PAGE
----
Iran Focus

London, 7 August - When U.S. President Donald Trump announced in May that the United States was exiting the Joint Comprehensive Plan of Action (JCPOA), or the 2015 Iran nuclear deal as it is known, he also announced that the crippling sanctions that were lifted as a result of it would be reapplied.

He has been a harsh critic of the nuclear deal and said that he was pulling the United States out of it because it does not fulfil its purpose, rather it guarantees a nuclear arms race in the region.

The first batch of sanctions are due to take effect today. There was a grace period of a good few weeks so that countries with business and trade interests in Iran had that time to sort their affairs out.

Just ahead of the sanctions being re-imposed, thousands of Iranians took to the streets to protest against the rising unemployment levels and the poverty that is worsening across the country. It has been reported that there was at least one protester that was killed by the suppressive forces.

The protesters were heard chanting “Death to the dictator” and there were reports of vehicles and tyres being burned in the streets.

This first batch of sanctions targets Iran’s trade in a number of sectors including gold and automobiles. In November, a second round of sanctions will come into effect and will deal mainly with the country’s energy and banking sectors.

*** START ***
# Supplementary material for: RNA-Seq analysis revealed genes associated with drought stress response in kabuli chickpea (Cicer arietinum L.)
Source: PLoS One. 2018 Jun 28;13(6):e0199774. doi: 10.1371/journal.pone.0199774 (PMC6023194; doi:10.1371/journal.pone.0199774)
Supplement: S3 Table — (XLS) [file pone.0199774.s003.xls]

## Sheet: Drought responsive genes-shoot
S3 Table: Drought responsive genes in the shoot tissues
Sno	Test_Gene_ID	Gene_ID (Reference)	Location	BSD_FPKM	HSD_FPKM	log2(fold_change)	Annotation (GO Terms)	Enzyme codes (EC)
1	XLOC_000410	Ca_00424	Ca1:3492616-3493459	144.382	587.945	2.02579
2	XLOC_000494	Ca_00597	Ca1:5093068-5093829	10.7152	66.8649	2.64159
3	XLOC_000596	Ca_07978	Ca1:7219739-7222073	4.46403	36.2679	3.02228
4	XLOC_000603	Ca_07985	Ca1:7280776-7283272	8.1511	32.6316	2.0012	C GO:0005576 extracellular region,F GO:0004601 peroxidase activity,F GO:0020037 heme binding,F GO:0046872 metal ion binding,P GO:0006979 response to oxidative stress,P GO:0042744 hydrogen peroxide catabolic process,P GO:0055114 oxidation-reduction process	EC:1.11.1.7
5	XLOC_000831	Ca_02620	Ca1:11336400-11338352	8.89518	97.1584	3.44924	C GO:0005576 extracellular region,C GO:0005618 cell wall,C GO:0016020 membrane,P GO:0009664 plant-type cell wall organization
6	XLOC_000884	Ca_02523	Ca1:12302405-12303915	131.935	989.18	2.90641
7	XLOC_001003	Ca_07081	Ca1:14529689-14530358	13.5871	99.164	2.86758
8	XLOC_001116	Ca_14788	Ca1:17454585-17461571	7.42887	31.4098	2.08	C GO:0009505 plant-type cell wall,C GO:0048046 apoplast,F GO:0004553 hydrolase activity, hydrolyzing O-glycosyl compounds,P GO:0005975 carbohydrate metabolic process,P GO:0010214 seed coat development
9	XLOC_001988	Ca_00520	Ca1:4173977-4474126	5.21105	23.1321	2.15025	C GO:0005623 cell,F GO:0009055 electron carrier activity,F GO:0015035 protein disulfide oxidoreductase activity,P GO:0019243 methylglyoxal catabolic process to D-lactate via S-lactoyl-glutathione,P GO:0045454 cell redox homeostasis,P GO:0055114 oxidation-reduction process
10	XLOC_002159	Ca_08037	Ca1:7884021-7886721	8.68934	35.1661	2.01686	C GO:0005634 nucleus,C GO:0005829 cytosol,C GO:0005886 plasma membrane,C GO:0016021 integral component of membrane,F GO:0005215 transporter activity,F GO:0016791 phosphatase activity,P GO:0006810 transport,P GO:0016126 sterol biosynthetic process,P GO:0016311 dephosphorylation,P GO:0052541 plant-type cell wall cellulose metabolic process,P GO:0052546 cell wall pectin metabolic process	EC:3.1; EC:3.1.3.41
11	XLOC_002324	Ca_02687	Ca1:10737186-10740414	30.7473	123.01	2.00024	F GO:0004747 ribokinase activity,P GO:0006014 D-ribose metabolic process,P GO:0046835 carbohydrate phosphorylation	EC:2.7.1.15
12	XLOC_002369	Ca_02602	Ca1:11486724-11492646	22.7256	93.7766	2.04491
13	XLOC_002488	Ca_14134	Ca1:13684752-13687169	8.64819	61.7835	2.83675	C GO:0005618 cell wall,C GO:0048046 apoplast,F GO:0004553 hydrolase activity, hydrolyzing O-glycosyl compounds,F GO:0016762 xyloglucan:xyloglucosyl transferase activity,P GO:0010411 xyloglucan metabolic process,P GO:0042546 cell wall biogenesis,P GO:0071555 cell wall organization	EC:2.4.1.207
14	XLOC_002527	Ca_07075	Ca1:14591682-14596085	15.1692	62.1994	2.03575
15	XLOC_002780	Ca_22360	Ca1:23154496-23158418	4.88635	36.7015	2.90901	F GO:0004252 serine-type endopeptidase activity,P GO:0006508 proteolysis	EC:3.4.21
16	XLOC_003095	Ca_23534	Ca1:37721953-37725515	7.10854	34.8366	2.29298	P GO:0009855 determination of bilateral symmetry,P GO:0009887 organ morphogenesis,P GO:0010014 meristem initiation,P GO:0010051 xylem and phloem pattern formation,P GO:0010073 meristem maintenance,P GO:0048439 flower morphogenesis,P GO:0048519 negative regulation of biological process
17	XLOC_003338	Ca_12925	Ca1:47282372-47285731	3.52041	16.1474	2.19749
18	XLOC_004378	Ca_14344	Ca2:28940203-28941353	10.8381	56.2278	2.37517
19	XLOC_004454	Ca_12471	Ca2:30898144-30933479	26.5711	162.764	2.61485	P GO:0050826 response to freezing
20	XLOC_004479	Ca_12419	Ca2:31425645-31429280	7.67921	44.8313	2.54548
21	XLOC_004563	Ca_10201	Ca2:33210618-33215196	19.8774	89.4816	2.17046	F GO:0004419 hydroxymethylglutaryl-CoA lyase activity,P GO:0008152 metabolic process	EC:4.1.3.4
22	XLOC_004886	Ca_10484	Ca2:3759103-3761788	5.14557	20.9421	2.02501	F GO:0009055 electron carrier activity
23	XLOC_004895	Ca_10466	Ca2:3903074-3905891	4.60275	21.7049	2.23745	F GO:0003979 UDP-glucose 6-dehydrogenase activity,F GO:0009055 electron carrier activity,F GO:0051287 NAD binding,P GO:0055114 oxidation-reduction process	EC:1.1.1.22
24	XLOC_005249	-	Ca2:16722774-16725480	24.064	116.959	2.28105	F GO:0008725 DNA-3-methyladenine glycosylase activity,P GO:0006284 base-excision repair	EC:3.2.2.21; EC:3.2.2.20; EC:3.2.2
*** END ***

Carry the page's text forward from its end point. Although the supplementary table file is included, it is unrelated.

The Trump administration has said that it wants a new deal to be drawn up – one that includes and addresses the many issues that were not dealt with in the JCPOA. In particular, the administration has spoken about Iran’s support for proxy groups in the region and its support of Syrian President Bashar al Assad. Iran’s ballistic missile programme would likely be addressed too.

Trump believes that putting pressure on the Iranian economy will bring Iran to the negotiating table.

The economic situation is rapidly getting worse and the national currency, the rial, is losing value at an unprecedented rate.

President Trump recently said that he is very willing to meet with Iranian President Hassan Rouhani. On August 4th he posted a message on Twitter showing that Iran is in a weakened position. It read: “Iran, and it’s economy, is going very bad, and fast! I will meet, or not meet, it doesn’t matter - it is up to them!”

Yesterday, the Islamic Revolutionary Guard Corps (IRGC), admitted that it has been carrying out military exercises around the Strait of Hormuz. Iran has threatened to cut access to the area in retaliation against Trump’s call for foreign countries to reduce their imports of Iranian oil to zero by November.

However, despite the threats and the military exercises, it is very unlikely that Iran will cut access to the Strait, not least because it barely has the resources to do it properly. Any closure of the Strait would prompt a response from the United States and other countries and Iran will be unable to maintain a closure faced with more sophisticated and better-equipped forces.

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